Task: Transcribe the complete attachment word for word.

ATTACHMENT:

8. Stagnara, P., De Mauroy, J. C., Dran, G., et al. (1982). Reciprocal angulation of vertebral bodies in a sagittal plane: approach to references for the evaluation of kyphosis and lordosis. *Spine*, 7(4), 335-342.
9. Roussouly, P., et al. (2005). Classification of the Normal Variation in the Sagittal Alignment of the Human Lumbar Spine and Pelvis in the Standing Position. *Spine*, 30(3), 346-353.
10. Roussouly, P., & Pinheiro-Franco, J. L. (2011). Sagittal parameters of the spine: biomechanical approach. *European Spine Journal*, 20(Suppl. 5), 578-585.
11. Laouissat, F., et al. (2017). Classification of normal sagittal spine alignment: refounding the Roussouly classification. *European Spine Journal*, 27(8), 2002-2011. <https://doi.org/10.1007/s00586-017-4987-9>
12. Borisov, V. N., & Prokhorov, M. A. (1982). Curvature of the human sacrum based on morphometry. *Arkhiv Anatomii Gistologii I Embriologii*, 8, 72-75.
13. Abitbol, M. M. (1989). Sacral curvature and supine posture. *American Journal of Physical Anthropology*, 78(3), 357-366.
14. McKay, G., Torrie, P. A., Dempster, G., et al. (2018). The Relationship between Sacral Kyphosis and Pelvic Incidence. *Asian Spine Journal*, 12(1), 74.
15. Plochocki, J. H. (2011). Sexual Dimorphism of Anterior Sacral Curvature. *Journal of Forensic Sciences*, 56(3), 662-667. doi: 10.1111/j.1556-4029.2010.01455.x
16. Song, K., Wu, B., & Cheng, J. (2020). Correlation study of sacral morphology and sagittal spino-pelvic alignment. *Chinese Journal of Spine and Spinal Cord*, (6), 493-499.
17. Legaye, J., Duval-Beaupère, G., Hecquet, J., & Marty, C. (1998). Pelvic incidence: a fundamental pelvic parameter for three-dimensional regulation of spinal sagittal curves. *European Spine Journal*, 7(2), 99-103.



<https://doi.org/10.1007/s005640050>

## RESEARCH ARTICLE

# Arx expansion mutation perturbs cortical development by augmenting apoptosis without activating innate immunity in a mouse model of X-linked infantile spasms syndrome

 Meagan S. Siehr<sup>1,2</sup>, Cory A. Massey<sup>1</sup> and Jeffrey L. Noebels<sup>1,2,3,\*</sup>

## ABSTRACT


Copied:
8. Stagnara, P., De Mauroy, J. C., Dran, G., et al. (1982). Reciprocal angulation of vertebral bodies in a sagittal plane: approach to references for the evaluation of kyphosis and lordosis. *Spine*, 7(4), 335-342.
9. Roussouly, P., et al. (2005). Classification of the Normal Variation in the Sagittal Alignment of the Human Lumbar Spine and Pelvis in the Standing Position. *Spine*, 30(3), 346-353.
10. Roussouly, P., & Pinheiro-Franco, J. L. (2011). Sagittal parameters of the spine: biomechanical approach. *European Spine Journal*, 20(Suppl. 5), 578-585.
11. Laouissat, F., et al. (2017). Classification of normal sagittal spine alignment: refounding the Roussouly classification. *European Spine Journal*, 27(8), 2002-2011. <https://doi.org/10.1007/s00586-017-4987-9>
12. Borisov, V. N., & Prokhorov, M. A. (1982). Curvature of the human sacrum based on morphometry. *Arkhiv Anatomii Gistologii I Embriologii*, 8, 72-75.
13. Abitbol, M. M. (1989). Sacral curvature and supine posture. *American Journal of Physical Anthropology*, 78(3), 357-366.
14. McKay, G., Torrie, P. A., Dempster, G., et al. (2018). The Relationship between Sacral Kyphosis and Pelvic Incidence. *Asian Spine Journal*, 12(1), 74.
15. Plochocki, J. H. (2011). Sexual Dimorphism of Anterior Sacral Curvature. *Journal of Forensic Sciences*, 56(3), 662-667. doi: 10.1111/j.1556-4029.2010.01455.x
16. Song, K., Wu, B., & Cheng, J. (2020). Correlation study of sacral morphology and sagittal spino-pelvic alignment. *Chinese Journal of Spine and Spinal Cord*, (6), 493-499.
17. Legaye, J., Duval-Beaupère, G., Hecquet, J., & Marty, C. (1998). Pelvic incidence: a fundamental pelvic parameter for three-dimensional regulation of spinal sagittal curves. *European Spine Journal*, 7(2), 99-103.



<https://doi.org/10.1007/s005640050>

## RESEARCH ARTICLE

# Arx expansion mutation perturbs cortical development by augmenting apoptosis without activating innate immunity in a mouse model of X-linked infantile spasms syndrome

 Meagan S. Siehr<sup>1,2</sup>, Cory A. Massey<sup>1</sup> and Jeffrey L. Noebels<sup>1,2,3,\*</sup>

## ABSTRACT